Your doctor recommends a thing, and you do it. That’s the simplest version of how the doctor-patient relationship might go, but it’s not always the best one. You may find out later that there were other options for treatment that you never knew about, or that the drug you took has risks that may outweigh its benefits. To get the full picture, ask these four questions.
What are the chances this will help me?
This is the easy one: if a health care professional is recommending something, they think it may help. But how likely is it to actually help?
John Mandrola, a cardiac electrophysiologist who has written about the four questions, notes that this question has two components: the statistics on the treatment’s benefit (or, if we’re talking about a test, its accuracy), and how you and your doctor define benefit. For example, lowering your cholesterol does not always lower your risk of death by heart attack. So make sure to ask about real-world benefits.
What are the chances this will harm me?
Everything has risks, even treatments or tests that seem pretty straightforward. The only drugs with no risk of side effects are the ones that don’t work. Even tests can be harmful in the long run, if they lead to interventions, like drugs or surgery, that turn out to be unnecessary.
That said, risks and harms can’t always be separated from the benefits. Chemotherapy for cancer is extremely harmful to the patient, but that has to be balanced against the benefit of not dying of cancer. Think of the risks and disadvantages as the “cost” of the medicine (and, yes, financial cost can be included here too.) Is the benefit worth it?
What are the alternatives?
Sometimes there’s only one real option, and if you ask about alternatives, your doctor can explain why other treatments don’t fit the bill. But sometimes there are other alternatives you can consider.
If you don’t ask your doctor, you might find out years later that your aunt/friend/co-worker had a similar health issue and got a totally different treatment for it. Maybe your doctor recommended the treatment that’s truly best; then again, maybe they recommended the surgery that they’re personally really good at, or the drug that most patients prefer. It’s always worth asking what other options are available,
What happens if we do nothing?
Doing nothing is also an option with potential harms and benefits. Your doctor is often trying to problem-solve, to come up with the best action to take care of the issue you came for. But sometimes doing nothing is a fine option as well.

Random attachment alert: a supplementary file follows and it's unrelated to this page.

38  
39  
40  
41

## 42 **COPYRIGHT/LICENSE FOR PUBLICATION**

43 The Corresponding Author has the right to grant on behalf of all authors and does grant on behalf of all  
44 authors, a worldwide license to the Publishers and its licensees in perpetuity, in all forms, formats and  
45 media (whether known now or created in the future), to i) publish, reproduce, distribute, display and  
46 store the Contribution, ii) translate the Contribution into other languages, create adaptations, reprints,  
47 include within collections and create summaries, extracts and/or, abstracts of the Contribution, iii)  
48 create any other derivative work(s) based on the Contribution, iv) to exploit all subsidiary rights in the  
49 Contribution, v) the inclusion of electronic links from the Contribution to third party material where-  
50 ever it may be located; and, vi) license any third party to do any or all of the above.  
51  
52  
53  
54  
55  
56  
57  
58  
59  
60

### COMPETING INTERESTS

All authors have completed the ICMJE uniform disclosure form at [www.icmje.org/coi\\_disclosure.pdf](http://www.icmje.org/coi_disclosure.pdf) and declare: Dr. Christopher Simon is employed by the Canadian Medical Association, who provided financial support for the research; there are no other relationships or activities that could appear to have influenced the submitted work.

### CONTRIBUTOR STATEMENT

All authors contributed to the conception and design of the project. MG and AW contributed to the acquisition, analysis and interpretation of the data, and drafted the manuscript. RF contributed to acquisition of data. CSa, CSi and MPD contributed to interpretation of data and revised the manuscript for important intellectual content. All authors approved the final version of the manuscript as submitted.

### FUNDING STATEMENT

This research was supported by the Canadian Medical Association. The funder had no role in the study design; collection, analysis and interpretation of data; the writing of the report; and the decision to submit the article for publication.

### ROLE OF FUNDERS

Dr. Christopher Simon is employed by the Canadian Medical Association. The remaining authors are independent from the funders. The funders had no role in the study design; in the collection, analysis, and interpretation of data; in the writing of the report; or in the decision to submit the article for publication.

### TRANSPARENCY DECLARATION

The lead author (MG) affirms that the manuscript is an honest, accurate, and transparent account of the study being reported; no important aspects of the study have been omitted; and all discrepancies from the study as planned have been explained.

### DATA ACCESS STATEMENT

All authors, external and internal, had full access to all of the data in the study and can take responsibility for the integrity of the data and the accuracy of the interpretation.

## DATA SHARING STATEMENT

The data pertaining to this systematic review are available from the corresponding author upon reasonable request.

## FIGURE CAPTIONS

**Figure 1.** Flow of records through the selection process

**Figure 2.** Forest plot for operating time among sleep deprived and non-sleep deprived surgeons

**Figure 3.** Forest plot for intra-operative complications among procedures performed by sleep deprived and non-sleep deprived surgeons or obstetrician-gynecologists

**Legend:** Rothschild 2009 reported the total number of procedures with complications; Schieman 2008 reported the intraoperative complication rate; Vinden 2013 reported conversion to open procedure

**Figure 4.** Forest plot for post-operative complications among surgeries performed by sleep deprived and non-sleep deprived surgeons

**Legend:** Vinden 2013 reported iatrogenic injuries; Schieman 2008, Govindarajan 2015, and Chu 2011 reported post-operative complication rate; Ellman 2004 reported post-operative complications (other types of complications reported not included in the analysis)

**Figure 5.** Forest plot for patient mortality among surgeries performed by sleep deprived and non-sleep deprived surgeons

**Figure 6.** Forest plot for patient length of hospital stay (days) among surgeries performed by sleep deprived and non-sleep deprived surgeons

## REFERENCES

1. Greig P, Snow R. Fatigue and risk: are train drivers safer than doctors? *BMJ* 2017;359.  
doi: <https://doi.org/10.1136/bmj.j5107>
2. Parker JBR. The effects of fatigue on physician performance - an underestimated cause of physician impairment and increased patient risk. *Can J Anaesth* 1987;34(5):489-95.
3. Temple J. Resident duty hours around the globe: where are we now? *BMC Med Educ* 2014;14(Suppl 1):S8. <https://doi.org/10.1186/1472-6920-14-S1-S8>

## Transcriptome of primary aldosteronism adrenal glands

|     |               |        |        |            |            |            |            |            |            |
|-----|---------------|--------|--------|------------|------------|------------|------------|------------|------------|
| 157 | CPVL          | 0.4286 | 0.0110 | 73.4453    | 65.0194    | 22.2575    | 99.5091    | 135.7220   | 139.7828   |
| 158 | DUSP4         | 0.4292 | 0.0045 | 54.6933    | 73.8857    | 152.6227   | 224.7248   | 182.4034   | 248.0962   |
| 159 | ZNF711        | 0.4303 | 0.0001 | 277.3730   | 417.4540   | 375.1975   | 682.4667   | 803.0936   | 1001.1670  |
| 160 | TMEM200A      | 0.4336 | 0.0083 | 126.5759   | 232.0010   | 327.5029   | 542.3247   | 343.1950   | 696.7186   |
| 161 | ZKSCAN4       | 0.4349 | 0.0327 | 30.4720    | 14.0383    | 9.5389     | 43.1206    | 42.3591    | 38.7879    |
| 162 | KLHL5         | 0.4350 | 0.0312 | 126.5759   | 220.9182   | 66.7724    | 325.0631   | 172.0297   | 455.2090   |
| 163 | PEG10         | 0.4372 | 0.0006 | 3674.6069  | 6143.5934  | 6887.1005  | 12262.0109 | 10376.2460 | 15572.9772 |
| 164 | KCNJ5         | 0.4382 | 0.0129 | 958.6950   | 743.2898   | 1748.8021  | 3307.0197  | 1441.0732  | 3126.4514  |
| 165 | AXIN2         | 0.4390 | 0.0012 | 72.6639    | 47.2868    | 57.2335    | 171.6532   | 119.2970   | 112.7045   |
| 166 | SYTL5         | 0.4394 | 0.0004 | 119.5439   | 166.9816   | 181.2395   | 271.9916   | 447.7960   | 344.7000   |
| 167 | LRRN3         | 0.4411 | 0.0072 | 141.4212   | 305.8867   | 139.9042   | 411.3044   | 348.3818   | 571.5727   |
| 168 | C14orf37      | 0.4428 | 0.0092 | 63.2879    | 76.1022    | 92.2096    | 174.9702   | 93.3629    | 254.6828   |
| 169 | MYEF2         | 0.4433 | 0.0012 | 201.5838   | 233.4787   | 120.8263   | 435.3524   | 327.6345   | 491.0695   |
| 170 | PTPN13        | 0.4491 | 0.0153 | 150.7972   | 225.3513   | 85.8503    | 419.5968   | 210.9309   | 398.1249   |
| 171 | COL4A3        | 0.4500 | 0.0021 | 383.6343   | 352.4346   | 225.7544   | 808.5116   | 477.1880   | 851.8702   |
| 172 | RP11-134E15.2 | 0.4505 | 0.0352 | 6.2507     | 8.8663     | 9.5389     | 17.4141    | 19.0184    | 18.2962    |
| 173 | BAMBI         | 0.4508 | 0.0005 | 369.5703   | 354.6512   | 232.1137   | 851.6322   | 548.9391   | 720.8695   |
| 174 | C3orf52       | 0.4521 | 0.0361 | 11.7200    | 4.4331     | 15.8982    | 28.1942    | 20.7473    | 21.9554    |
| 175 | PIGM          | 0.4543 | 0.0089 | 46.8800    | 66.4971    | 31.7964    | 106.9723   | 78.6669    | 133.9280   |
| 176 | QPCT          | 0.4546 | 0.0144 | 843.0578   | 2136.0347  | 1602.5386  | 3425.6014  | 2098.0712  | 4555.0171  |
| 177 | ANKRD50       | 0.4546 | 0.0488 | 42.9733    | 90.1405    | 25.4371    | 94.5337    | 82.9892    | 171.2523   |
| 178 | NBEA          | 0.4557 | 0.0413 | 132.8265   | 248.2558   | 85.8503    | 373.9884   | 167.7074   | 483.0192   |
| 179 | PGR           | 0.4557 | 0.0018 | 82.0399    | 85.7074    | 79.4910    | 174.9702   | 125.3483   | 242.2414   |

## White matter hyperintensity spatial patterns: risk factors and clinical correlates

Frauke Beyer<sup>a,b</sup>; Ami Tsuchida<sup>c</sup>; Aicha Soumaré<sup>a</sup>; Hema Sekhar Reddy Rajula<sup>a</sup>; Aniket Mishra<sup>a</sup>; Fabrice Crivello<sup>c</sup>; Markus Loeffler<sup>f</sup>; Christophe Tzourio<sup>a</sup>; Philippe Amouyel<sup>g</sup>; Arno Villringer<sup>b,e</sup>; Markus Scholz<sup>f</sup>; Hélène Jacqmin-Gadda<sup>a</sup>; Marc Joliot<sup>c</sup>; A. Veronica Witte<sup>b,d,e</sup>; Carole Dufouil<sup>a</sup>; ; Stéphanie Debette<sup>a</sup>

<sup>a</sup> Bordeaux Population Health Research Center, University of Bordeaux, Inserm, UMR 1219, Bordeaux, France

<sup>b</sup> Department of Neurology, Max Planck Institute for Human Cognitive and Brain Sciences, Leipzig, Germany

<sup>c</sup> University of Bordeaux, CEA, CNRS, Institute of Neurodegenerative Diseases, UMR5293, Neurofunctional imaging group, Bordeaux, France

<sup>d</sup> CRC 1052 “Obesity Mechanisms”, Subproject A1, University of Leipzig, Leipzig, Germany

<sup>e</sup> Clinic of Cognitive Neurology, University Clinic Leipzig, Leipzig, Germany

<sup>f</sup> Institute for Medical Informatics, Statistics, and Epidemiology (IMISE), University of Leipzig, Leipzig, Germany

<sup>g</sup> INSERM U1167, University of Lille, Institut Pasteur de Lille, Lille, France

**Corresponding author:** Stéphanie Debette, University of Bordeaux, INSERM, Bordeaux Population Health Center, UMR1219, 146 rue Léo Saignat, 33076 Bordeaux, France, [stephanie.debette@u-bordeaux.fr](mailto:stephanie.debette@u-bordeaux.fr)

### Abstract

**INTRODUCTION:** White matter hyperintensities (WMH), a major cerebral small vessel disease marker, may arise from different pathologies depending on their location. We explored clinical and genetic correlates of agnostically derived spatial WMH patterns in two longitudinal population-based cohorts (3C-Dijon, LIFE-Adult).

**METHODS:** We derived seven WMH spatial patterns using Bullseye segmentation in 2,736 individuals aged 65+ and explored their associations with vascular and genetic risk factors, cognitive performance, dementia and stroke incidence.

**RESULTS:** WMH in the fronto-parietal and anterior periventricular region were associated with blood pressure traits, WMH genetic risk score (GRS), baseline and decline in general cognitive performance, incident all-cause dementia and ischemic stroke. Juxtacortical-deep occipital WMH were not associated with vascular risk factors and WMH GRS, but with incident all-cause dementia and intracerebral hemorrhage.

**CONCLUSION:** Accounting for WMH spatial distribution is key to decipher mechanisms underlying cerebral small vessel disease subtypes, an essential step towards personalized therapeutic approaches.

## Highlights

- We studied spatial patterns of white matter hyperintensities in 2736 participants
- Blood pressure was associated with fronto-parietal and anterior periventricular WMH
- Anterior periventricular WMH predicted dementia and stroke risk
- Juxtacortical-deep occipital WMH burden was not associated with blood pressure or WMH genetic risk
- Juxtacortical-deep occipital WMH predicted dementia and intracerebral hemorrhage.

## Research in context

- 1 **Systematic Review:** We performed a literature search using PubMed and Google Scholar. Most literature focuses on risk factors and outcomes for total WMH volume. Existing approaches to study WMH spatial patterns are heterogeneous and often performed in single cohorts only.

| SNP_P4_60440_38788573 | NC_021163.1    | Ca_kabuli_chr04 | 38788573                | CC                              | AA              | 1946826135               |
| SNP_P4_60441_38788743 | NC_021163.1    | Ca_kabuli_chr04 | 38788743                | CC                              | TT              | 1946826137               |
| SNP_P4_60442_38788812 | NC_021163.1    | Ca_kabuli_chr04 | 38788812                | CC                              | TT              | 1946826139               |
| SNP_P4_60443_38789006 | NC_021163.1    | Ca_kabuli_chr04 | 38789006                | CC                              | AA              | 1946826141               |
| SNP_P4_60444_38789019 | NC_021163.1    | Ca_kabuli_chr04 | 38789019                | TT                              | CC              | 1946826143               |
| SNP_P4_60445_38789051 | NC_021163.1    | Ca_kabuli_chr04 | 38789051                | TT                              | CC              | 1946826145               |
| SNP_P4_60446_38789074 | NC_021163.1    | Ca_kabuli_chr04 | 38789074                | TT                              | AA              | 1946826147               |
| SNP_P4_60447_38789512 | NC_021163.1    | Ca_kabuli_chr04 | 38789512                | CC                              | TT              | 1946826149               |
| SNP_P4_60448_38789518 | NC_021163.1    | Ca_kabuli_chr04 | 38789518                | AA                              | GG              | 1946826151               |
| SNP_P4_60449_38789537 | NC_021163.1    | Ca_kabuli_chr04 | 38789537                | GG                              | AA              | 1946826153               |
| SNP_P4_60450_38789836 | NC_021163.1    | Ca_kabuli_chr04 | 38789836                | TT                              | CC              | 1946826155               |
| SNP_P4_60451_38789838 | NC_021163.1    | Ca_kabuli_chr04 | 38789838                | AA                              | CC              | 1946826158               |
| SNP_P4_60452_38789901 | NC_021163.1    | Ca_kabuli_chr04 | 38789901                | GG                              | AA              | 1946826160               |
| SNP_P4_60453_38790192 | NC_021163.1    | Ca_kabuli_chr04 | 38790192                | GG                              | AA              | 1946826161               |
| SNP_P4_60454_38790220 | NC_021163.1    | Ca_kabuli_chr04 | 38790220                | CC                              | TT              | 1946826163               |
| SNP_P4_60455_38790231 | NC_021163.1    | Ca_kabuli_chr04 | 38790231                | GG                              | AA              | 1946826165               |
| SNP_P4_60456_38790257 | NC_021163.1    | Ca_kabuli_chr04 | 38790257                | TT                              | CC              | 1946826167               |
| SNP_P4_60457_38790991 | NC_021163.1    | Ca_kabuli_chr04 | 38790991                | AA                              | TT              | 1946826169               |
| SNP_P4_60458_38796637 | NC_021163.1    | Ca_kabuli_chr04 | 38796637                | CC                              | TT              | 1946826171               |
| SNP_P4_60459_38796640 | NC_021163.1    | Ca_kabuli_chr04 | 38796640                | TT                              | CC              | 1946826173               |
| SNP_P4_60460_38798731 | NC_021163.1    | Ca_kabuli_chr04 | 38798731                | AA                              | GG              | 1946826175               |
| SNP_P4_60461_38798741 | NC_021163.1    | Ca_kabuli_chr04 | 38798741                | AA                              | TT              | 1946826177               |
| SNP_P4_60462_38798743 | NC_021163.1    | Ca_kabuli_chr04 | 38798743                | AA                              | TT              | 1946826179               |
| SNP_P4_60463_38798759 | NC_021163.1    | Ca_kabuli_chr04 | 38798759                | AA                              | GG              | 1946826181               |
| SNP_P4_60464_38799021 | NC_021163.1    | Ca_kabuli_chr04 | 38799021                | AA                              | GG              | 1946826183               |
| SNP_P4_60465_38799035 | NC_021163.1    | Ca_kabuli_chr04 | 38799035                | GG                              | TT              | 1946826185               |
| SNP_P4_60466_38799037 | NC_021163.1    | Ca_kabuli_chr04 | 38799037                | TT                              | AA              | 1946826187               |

Often, doing nothing takes the form of “watchful waiting” — seeing whether your condition gets serious, rather than treating it today just because you happen to be in the office today. Or perhaps a treatment just doesn’t have much chance of benefit, and you could skip it and, most likely, get the same outcome either way.
If your doctor is recommending a test, this question gets especially interesting: what would we do differently with test results than without them? Sometimes the treatment is the same either way, and the test isn’t needed at all.
These four questions help because they guide a conversation. Your doctor gets to understand which benefits and which harms are most important to you; you get to understand why your doctor is recommending certain treatments over others.
This is a good and important conversation to have, and it’s not wrong or improper to expect to understand your treatment and to have a say in decisions. It’s your body, after all, and you will be the one to live with the consequences. Doctors and other health professionals are usually happy to answer questions, and if your doc doesn’t like you asking questions, they’re a jerk and you should find a new doctor.
I’ve found doctors often really welcome these questions. If there’s a clear benefit that outweighs the risks, they can explain it simply and I’m on board: let’s do it! But other times I’ll ask about a test, and they’ll say “oh, the computer always adds that to the order. We don’t really need it.” You won’t know until you ask.